Magnani, F., Nenci, S., Millana Fananas, E., Ceccon, M., Romero, E., Fraaije, M.W., Mattevi*, A. (2017) Crystal structures and atomic model of NADPH oxidase. Proc. Natl. Acad. Sci. USA 114, 6764-6769.
 Oosterheert, W., Reis, J., Gros, P., Mattevi, A. (2020) An Elegant Four-Helical Fold in NOX and STEAP Enzymes Facilitates Electron Transport across Biomembranes-Similar Vehicle, Different Destination. Acc. Chem. Res. 53, 1969-1980.
 Magnani, F., Mattevi*, A. (2019) Structure and mechanisms of ROS generation by NADPH oxidases. Curr. Opin. Struct. Biol.59, 91-97.
 Reis J, Massari M, Marchese S, Ceccon M, Aalbers FS, Corana F, Valente S, Mai A, Magnani F, Mattevi, A. (2020) A closer look into NADPH oxidase inhibitors: Validation and insight into their mechanism of action. Redox Biol. 32, 101466.
When viral RNA met the cell: a story of protein-RNA interactions
12/05/2022 11 am Alfredo Castello MRC-University of Glasgow Centre for Virus Research (UK)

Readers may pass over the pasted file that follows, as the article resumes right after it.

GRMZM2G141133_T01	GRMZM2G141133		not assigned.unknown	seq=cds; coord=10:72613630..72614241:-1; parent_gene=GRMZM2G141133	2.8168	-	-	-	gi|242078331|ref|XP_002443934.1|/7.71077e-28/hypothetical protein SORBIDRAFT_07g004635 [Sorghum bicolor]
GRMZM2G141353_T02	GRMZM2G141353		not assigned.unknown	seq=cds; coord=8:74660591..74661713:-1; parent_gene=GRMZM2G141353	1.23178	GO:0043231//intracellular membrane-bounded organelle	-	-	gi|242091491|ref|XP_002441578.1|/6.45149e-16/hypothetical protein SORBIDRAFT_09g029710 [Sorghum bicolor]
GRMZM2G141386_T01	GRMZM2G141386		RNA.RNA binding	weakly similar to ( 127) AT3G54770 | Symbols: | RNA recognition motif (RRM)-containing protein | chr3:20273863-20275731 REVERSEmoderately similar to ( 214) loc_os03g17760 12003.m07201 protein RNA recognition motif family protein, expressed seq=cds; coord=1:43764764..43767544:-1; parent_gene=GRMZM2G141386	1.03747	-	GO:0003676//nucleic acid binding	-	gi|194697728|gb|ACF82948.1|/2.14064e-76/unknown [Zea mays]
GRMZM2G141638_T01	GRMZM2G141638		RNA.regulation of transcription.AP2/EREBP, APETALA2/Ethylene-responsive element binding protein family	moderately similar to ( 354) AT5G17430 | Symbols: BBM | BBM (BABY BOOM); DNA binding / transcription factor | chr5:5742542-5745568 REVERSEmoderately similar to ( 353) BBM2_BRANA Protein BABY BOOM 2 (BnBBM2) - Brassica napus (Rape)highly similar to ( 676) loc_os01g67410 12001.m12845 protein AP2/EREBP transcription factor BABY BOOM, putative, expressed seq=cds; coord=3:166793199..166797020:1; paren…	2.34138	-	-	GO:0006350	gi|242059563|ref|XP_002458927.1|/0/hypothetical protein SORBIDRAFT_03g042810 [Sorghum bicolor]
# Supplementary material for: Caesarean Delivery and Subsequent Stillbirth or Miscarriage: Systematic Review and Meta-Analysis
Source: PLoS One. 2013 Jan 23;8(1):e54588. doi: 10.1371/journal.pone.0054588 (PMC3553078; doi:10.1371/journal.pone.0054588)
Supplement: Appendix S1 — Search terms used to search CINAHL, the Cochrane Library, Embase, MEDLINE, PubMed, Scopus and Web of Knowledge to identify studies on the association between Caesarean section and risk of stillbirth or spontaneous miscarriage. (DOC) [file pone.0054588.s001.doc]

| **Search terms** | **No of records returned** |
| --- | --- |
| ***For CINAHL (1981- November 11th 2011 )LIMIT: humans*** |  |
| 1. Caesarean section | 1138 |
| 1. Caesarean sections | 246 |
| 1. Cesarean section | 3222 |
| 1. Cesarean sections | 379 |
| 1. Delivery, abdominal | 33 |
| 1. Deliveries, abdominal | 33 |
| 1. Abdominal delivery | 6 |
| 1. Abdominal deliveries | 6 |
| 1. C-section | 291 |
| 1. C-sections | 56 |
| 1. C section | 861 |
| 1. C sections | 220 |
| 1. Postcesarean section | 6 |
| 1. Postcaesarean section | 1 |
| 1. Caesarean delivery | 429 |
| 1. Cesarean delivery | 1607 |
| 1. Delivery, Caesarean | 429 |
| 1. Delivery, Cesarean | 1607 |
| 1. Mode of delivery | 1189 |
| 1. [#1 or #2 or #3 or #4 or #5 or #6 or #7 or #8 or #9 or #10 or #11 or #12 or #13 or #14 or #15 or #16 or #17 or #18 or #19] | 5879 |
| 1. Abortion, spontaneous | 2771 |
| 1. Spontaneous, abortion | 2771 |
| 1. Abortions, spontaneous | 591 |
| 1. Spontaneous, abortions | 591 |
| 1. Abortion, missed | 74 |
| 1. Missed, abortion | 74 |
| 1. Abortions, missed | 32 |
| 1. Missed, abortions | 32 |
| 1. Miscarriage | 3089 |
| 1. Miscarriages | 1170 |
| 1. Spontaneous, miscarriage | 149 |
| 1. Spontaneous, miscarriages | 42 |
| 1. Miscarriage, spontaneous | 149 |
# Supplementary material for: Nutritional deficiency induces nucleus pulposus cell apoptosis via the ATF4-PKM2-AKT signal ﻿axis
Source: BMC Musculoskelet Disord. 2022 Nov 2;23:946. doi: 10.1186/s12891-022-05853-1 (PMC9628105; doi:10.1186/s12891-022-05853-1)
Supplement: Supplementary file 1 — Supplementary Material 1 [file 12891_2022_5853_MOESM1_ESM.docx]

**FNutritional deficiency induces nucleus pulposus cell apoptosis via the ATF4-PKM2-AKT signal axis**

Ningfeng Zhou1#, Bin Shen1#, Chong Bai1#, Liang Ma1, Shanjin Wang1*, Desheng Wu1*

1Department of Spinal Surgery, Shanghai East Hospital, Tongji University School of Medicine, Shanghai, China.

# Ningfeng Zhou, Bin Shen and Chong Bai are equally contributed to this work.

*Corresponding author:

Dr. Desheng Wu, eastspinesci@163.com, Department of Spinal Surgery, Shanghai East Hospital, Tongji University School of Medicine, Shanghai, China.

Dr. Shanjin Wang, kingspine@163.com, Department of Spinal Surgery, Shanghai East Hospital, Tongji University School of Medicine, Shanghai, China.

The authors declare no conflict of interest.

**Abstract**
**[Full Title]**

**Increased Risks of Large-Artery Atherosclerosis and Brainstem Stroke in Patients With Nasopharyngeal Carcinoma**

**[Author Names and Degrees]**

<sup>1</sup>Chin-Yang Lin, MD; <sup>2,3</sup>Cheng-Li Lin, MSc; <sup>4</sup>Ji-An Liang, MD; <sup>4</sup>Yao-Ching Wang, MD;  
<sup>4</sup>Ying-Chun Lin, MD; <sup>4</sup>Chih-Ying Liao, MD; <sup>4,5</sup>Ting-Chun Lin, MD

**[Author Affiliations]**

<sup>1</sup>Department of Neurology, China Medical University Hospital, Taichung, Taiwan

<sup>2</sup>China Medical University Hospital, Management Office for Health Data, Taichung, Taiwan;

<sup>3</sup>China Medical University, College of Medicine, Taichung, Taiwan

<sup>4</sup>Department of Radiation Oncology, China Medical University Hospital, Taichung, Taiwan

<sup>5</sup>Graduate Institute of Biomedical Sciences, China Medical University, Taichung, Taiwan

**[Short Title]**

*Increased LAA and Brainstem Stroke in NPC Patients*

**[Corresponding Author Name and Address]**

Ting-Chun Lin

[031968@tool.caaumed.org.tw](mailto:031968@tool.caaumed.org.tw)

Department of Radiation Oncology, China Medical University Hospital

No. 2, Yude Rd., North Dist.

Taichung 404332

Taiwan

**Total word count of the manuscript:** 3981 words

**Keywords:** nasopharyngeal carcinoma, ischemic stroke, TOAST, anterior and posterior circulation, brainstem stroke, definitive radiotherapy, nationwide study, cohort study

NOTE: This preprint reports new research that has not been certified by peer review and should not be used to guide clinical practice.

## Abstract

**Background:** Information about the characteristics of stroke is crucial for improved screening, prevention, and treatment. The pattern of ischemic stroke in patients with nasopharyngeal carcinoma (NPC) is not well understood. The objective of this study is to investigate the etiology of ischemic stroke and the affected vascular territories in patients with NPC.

RNA is a central molecule for the RNA virus life cycle as it functions not only as messenger for the synthesis of proteins, but also as storage of genetic information as genome. Given the central role of viral RNAs in infection, I hypothesised that it must be a hub for critical host-virus interactions. To test this, my laboratory has developed new approaches to elucidate the composition of viral ribonucleoproteins using Sindbis virus, SARS-CoV-2 and human immunodeficiency virus (HIV) as discovery models. With them, we have discovered a new universe of host-virus interactions with central regulatory roles in infection. Interestingly, these viruses, despite having different sequences and infection cycles, engage with a largely shared pool of cellular RNA-binding proteins. The efforts of my laboratory are now focused on understanding the molecular mechanisms underpinning these master regulators of virus infection, as we envision that they are promising targets for broad-spectrum antiviral therapies.
RNA-based therapeutic approaches for neurodegenerative tauopathies
06/05/2022 Michela A. Denti University of Trento